[my love is like a tempest tossed the sparrows up against the wall...]
[if tender feet I do not have to place inside my lover's palms then I will have the poetry, I will have the words and songs]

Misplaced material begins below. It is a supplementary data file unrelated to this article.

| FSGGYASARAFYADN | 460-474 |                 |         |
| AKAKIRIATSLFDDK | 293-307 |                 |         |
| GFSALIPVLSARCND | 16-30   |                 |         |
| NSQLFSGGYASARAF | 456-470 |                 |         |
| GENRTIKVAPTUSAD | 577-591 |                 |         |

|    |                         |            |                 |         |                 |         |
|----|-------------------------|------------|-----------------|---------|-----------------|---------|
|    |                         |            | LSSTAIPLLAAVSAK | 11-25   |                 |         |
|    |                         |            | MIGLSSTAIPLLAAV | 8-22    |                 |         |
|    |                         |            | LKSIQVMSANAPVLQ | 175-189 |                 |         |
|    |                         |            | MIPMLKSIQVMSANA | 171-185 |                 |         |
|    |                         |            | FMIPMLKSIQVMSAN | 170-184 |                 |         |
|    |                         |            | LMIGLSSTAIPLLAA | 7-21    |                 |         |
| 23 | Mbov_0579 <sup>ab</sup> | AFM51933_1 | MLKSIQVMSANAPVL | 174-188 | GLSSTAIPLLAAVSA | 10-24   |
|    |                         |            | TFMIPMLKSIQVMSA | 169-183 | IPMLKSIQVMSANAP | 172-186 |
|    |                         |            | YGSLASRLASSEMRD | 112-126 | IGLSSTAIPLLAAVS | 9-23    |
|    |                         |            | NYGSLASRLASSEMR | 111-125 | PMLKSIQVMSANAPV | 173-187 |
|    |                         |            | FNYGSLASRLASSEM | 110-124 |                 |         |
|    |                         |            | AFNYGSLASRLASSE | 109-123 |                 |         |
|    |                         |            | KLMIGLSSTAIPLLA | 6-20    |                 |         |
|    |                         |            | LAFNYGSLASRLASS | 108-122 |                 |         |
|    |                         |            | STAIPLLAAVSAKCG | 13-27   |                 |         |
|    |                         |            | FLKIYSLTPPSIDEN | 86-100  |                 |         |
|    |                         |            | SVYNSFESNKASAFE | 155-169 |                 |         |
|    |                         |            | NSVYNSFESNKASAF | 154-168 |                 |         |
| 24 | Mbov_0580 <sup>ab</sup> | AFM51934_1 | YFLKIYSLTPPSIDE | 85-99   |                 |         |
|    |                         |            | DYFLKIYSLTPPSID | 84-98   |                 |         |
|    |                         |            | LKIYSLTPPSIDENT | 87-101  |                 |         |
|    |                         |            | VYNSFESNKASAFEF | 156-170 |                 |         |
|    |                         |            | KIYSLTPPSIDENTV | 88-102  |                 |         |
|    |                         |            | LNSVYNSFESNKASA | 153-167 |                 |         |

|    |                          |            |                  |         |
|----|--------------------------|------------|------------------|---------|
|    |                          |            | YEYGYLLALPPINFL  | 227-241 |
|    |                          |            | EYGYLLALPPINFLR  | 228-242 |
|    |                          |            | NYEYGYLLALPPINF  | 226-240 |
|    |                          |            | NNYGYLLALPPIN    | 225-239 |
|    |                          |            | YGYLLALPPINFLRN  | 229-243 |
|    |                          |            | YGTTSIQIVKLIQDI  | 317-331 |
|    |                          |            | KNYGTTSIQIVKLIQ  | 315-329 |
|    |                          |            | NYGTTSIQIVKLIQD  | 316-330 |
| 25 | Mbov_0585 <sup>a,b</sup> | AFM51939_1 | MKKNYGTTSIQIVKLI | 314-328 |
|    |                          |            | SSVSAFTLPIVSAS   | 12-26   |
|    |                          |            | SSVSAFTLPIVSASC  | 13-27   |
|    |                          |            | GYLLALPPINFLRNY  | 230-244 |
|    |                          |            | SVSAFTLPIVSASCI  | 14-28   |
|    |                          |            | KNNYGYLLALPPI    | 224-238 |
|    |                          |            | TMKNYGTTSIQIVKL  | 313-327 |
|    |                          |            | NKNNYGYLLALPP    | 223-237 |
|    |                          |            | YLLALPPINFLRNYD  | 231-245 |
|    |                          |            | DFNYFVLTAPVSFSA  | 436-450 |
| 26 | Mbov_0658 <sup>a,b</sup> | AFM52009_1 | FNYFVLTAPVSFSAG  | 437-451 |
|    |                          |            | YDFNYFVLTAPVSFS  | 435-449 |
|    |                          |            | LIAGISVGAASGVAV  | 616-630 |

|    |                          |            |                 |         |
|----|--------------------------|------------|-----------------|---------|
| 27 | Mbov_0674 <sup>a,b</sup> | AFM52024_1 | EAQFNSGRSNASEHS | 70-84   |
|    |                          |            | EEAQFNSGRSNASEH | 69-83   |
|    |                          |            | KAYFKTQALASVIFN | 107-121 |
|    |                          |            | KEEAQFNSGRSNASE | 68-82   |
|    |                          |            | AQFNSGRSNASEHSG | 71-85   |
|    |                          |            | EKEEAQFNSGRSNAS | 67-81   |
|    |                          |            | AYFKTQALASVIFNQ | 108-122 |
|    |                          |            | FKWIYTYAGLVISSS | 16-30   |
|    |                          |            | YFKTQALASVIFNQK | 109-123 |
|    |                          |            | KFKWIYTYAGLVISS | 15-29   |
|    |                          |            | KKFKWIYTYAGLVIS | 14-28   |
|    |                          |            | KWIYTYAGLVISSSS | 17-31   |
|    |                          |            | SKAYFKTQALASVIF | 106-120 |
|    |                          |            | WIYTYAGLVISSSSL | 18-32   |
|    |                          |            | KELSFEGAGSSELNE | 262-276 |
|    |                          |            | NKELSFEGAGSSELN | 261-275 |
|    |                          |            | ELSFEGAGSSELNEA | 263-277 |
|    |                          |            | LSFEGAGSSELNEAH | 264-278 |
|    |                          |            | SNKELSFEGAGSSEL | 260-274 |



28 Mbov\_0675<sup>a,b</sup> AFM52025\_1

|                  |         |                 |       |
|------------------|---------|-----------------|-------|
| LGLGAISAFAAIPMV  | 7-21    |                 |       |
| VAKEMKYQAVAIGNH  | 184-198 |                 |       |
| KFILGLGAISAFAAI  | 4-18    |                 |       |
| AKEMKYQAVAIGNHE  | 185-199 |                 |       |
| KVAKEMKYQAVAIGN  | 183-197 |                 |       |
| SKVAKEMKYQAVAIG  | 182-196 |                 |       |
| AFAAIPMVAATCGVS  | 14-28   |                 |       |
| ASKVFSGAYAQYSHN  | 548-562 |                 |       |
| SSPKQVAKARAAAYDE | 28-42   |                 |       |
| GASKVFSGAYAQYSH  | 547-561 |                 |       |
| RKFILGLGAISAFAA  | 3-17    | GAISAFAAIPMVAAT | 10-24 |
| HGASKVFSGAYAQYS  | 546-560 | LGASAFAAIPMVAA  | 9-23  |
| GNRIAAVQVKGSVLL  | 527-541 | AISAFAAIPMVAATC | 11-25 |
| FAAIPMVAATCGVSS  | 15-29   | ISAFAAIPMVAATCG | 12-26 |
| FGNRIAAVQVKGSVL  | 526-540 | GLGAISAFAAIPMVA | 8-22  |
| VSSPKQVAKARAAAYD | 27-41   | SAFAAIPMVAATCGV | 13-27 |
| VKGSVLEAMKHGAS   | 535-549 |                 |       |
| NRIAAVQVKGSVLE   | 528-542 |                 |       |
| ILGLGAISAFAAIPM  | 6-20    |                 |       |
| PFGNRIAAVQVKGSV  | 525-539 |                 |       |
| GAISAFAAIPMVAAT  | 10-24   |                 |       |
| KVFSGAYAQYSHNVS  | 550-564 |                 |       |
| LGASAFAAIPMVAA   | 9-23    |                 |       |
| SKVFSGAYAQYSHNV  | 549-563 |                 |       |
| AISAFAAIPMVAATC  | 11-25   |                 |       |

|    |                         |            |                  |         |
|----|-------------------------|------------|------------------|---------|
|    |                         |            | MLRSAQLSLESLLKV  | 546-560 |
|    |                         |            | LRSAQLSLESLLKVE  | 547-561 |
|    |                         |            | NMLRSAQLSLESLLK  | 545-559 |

I am hesitant to write in all seriousness about love because it is an embarrassing and private thing, unless you are in love and then the world loves with you and smiles on your shining face. And there are those who will say I had my chance, that love was there for the taking and I walked away. But love for me, like anything because I am too sensitive, is hard and tricky. I want it to be right. I can't be easy, I am not easy, and it is not a comfortable thing to be this skittish, this sober, this self conscious all the time. I envy those girls who have three-ways in cars and end up sleeping in fireplaces (that actually happened to a girl I know. slut.). Not the experience itself, a three-way in a car strikes me as decidedly uncomfortable, but the ease and laughter that goes with it, the shrug of shoulders and wicked smile- that I envy. There's a Jamaican man I knew who used to say "Don't fatten a fish for another man to eat", meaning don't wind your girl up and leave her wanting, she'll satisfy herself somewhere else. Or maybe it doesn't mean that, he also used to say "You know what time it 'tis" and I would smile, desperately hoping that I at least looked like I did indeed know what time it 'twas. Anyway, I feel like a fattened fish that grows cold on a plate. I yearn for sweetness, for ease, for warmth. I was self contained before but now, woken up I am needful. A need without fulfillment is no fun and not funny. I feel useless and at a loss as how to find what I want, which is strange for me. Alone is not lonely until you don't want it anymore. A few weeks ago I picked flowers and cleaned my house in anticipation of company. Perhaps he thought that my house is always so shining, that I always keep a jar of camellias and eucalyptus by my bed. Or perhaps he did not care. This week I cleaned my house again and washed the clothes and made the house smell like lemons. Before the freeze I went out and picked camellias, arm loads of creamy perfection so lovely they seemed edible like they were made of fondant, and rosemary, and lavender. Now though it is so cold outside and all the flowers have fallen from the bushes and the sky is so blue and thin it looks like it might crack with the effort, I have a garden inside. For me and me alone and for my eyes to rest on something beautiful and gentle when I wake up. Though I love them, the flower's faces are so pretty, the gesture now seems as empty as the sky. I was more content when I was all so self contained, but I don't want that contentment back. It's alright to yearn in winter. And be fragile. And crave warmth. Things happen in their own time. I may as well crave spring, and I do, but I think this longing in me has made me more whole. I feel more tender toward myself and toward others. I fell asleep last night thinking of Mwa and Danielle and Jo, thinking of the snow of Europe. I heard on the BBC that people in the Netherlands and in Germany were being advised to stay indoors because it is so dangerously cold. I worried about them, about you my friends. Do you have enough to eat? Do you have warm blankets and wool socks? And so perhaps this softening, this need is not useless after all. When one is hard and self contained there is no room for others to get inside. I want to let this softening happen, and not try to be so tough. Which I think, perhaps, is finally the point of this post. I am afraid to open myself up and say I am tender, I am soft, I have a happysadness, because that is not cool or smart, and there is no protection there. But what do I have to protect? I am not so cool and smart, I am just a girl. I like flowers, I like poetry, I like the words "kiss" and "touch" and "pink". Perhaps I am coming into who I am again, and this time soft and on cat feet. If one is lonely, one must let others in. So simple and so frightening. I started out this post meaning to be funny, and I end up so timid and serious. Perhaps this is why I don't write so often. I am in awe of those of you who write so well about your feelings, whose words are their honest hearts. I am going to end this here, where there is no ending, so I can go to the library and go to the grocery store and cook the food and go to work, but I am going to post it anyway, neatly done or not. To post and hope that I will write more, I will be a part of your brave circle. I hope you all are warm today. When I come home tonight I'll read your words and worry about you and smile with you and we will all crave spring, and that will take the edge off my foolish little loneliness.